Floyer further emphasizes the value of proper training with more numbers. Around 80 per cent of people will survive being buried in an avalanche for 10 minutes. Beyond that, the chances start to plummet. When it's been 15 minutes, your odds of emerging alive drop to just 40 per cent. "You can see how important it is to have a very effective rescue device," he says.

• • •

Last March, three people narrowly escaped serious injury in an avalanche on the Spearhead Glacier in the backcountry of Blackcomb Mountain. A snowboarder triggered the Class 2 slide, which travelled about 250 metres and buried a group that was preparing to hike up.

A skier and snowboarder were only partially covered and managed to escape, but the third person was completely buried. Four more skiers and the snowboarder who caused the incident rushed in to help while Blackcomb patrollers were dispatched and jumped into a helicopter with an on-mountain doctor and Whistler Search and Rescue (WSAR). After four minutes of digging, the buried man's friends were able to free him. Unconscious, he came to by the time help arrived. All three were flown to the Whistler Health Care Centre as a precaution.

The frightening incident echoes the message rescuers have long been trying to get out. "Anybody looking outside of their party for avalanche rescue is a fool," says Brad Sills, head of WSAR. "If you see us arriving on scene, things are well progressed at that point."

On average, WSAR — made up entirely of volunteers — gets between 30 and 40 calls from the beginning of the winter season until the end of May. "Without a doubt, backcountry use is growing," Sills says. "It's well documented, not just in Whistler, but throughout the province. The rise in winter responses for people requesting assistance during backcountry recreational activities has risen over 30 per cent in the past 10 years."

Whistler SAR is part of a network of agencies that responds when a distress call comes in. That diverse group includes Whistler Blackcomb (which is not legally obligated to come to the rescue of anyone outside of its bounds) to the RCMP and other for-profit tour companies. They are tied together with pagers and radios and when a call comes in, the group closest to the distressed party will rush out if they're able. "In the old days, groups tended to be more prepared to deal with their own emergencies," Sills says. "Now, the phenomenon is you go out there with your skins and your skis and a little pack and when you get into trouble you call on your cell phone. That might be as simple as a broken binding. Back in the day... we didn't have the luxury of helicopter searching the way we do these days. If you were (waiting for rescue), you were going to perish."

Over his 34 years of service, Sills has seen it all. When he first started, it used to bother him to get called out to preventable incidents, but he's long since learned to let that go. "You understand that's the nature of the business. You're dealing with people that, for whatever reasons, have a diminished capacity for acting appropriately. It's not really for us to pass judgment on the person or, quite often, it's really tragic beyond belief that somebody could do something like this and end up in the situation they're in. Once you've seen that more than a couple of times you start to realize those who get away with it..." he says, trailing off for a moment. "You try to have a frank talk with them about how lucky they are because people you've seen in similar instances aren't breathing anymore."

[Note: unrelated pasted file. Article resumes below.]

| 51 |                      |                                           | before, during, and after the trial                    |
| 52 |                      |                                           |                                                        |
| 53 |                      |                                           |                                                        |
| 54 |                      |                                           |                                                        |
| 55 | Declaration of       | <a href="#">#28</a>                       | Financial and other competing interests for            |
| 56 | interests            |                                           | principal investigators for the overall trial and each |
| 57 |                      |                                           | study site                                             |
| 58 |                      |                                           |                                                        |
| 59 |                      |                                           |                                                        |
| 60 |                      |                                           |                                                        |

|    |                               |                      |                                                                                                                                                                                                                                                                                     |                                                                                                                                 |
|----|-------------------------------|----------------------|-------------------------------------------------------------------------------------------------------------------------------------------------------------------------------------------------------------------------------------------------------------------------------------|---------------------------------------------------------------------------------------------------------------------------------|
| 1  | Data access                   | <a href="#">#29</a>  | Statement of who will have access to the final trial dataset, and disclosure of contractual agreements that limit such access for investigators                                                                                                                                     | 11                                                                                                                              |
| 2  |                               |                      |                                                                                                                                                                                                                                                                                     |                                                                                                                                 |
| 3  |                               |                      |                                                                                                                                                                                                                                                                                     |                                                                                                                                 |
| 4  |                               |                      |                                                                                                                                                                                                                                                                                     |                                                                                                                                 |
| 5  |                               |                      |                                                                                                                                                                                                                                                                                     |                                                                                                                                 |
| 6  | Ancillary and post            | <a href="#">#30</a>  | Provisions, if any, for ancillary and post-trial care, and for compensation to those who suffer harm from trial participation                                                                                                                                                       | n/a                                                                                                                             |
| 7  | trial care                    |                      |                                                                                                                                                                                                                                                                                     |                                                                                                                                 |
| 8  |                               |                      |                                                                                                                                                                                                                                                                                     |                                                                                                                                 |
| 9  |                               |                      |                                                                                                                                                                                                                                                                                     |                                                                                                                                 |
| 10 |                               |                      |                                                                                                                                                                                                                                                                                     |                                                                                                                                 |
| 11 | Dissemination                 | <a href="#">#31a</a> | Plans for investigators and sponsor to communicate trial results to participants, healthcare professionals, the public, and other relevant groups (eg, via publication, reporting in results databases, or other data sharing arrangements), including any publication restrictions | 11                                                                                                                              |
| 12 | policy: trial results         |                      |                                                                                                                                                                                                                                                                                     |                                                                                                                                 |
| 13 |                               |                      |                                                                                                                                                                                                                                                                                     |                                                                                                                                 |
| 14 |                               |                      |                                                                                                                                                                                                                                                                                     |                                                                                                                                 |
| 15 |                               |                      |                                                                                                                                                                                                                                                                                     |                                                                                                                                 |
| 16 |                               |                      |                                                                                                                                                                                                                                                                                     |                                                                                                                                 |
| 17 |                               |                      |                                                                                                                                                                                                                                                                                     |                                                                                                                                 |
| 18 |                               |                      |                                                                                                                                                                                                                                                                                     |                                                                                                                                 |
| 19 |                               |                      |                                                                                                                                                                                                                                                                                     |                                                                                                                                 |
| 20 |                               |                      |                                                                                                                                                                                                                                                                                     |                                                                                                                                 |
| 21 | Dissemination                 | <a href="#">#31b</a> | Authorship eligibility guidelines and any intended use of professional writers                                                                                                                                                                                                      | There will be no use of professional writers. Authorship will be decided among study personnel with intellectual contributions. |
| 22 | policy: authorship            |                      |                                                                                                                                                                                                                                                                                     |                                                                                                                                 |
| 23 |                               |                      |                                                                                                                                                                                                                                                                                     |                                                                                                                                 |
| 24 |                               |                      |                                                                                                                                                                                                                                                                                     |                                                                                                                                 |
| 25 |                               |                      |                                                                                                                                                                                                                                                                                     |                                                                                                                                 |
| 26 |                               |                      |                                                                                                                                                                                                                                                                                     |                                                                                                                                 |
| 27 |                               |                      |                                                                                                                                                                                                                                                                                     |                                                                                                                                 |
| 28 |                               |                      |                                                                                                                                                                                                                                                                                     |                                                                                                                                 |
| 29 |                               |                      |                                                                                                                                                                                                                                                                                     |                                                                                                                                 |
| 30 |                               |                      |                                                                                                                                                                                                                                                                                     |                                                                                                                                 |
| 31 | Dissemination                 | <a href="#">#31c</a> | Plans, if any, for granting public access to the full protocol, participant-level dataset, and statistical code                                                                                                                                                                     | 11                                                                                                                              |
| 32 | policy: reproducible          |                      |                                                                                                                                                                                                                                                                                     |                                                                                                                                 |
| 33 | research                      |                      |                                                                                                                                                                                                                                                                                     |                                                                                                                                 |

Last year, snowmobilers in Whistler surpassed skiers for the first time with the most rescue calls. Some of the common incidents were vehicle accidents, blunt force trauma or an injury that prevented them from driving down the mountain. Skiers in the area, meanwhile, most often call when they're lost. "I wish I could say we went out mostly for tourists, but that would be a lie," Sills says. "Typically they're local or Vancouver-based skiers. A lot of people have knowledge of the local area, but they're not exercising proper decision-making. It's a lack of preparation and that's either not checking avalanche forecasts, not planning your route, not knowing your route, not taking the proper equipment and not telling someone what you're doing."

As the new season unfolds, Sills and his WSAR team know without a doubt that they'll be called out to help injured backcountry skiers, riders or snowmobilers this winter. "That's sad because I honestly don't believe it needs to be that way," he says. "I think if people slow down and take it a bit slower and understand the environment, they're not only going to reap more out of it, but they're going to come home for dinner."

But for all the injury and tragedy he's seen in the last three and a half decades, Sills says he fully understands the majestic lure of the backcountry and why more people are venturing out to discover it. "It's the best thing in the world," he says. "The motivation for getting out there is the experience. It's a sensation that you don't get from anything else that you do in your life."

Pick up next week's Pique for our feature story on human factors and the psychology around making decisions in the backcountry.